Everyone wants to be safe in their home or place of work, but unfortunately there are some hazards that can impact your safety and everyday health. One such hazard is asbestos; a group of minerals that form a microfibre used in buildings for insulation, flooring and roofing. Although now banned in the UK, any building constructed before the year 2000 may still contain asbestos. If asbestos remains intact within the building it poses very little risk, however it’s still a good idea to know more about the dangers and how you can protect yourself.
What is it?
Asbestos is a naturally occurring mineral that can be manipulated to form a fluffy, candyfloss-like consistency. The term ‘asbestos’ actually refers to six different types of mineral that share the same properties, including tremolite and chrysotile.
The fibres are soft and flexible, yet resistant to heat, electricity and chemical corrosion. Asbestos on its own is a very effective insulator, but it can also be mixed with plastic, cement and many other materials to make them stronger.
Why is it dangerous?
Asbestos was very popular in it’s time due to the uses mentioned above, however this was before people were aware of the dangers it poses.
As mentioned above, if asbestos remains undisturbed, there is little risk to the health of the public, but if disturbed or damaged, tiny fibres are released into the air which can cause significant damage to the lungs. Asbestos exposure can cause a range of serious lung diseases, but symptoms may takes years – or even decades – to appear after first exposure.
Where is it commonly found
Any industrial or residential building built or renovated before the year 2000 may contain asbestos. In residential homes the most common areas for asbestos include old floor tiles, ceiling tiles, partition walls and as insulation around boilers, pipes, fireplaces or similar. Attics or lofts can also contain high amounts, especially if the home was built before 1980 or the attic was never converted for use as a functional space. Asbestos may also be present in industrial buildings as a sprayed coating on walls, in cement panels, textiles such as old fire blankets and as part of insulation board.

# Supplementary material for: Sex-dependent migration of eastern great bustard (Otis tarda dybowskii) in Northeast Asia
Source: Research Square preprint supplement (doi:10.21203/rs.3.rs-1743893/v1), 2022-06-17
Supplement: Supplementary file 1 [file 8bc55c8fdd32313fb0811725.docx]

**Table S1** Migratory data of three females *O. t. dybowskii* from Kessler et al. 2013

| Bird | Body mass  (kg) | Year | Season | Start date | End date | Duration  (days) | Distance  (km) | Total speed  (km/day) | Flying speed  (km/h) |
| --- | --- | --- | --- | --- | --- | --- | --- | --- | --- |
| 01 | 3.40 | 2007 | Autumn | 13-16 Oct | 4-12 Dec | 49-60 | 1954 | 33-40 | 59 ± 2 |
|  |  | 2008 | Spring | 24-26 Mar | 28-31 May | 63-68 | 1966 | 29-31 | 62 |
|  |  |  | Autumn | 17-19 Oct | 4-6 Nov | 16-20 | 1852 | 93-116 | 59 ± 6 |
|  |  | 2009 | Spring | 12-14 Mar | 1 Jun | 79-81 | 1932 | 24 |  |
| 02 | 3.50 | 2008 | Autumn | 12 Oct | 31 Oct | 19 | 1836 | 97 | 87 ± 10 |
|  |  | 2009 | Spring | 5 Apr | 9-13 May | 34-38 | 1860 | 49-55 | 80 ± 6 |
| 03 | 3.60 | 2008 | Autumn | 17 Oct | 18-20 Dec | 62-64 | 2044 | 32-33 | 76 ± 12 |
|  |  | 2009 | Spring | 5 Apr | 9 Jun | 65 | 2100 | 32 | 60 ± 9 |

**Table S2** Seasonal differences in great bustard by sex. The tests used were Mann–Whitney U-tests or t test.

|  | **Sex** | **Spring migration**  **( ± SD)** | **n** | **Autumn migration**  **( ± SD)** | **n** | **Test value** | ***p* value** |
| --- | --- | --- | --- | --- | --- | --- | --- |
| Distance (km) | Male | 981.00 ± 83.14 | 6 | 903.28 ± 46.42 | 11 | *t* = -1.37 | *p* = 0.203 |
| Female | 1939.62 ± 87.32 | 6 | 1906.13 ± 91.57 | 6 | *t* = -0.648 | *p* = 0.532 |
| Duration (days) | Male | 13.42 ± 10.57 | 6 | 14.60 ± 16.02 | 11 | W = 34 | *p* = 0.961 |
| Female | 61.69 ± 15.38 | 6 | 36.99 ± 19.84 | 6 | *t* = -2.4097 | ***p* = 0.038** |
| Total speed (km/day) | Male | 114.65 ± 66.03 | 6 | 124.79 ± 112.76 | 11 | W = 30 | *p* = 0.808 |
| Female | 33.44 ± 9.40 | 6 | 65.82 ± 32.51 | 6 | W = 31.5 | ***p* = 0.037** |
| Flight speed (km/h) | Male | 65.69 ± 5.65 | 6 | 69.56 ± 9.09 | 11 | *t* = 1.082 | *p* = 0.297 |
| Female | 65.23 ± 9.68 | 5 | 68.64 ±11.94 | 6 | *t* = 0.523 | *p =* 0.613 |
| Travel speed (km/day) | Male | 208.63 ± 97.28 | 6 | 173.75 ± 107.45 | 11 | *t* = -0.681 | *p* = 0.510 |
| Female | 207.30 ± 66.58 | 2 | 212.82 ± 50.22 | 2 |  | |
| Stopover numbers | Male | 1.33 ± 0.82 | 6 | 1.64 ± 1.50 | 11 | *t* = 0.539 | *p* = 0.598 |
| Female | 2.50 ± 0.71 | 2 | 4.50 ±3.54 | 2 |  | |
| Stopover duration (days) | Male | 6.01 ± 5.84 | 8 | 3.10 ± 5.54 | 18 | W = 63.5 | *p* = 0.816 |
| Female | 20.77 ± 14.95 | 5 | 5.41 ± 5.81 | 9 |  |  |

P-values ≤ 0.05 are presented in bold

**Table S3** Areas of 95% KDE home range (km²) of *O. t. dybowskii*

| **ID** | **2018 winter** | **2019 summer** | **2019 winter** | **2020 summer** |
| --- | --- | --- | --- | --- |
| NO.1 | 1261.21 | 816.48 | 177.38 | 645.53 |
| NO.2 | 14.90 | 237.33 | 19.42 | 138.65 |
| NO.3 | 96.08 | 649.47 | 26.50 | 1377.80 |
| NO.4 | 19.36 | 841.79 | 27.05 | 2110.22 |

How can you protect yourself
As noted, the majority of asbestos remains safe as long as it’s left alone, but there are several professions where the chances of coming into contact with, and disturbing asbestos, is much more likely. Those who work in plumbing, building, as roofers, plasterers or in other similar trades have a higher risk of exposure, so it’s important to take the right safety precautions. Those in charge have a duty to protect workers from asbestos exposure, and plan work accordingly to minimise the risks. They should also provide adequate training and safety equipment before any work in an at-risk area even begins.
If you’ve been exposed to asbestos and think you’re entitled to make a claim, give Catherine Higgins Law a call. We act on behalf of clients in the UK and abroad who have been exposed to asbestos dust by companies based in England and Wales. For more information, give our friendly, professional team a call on 0151 428 2472 or visit our website.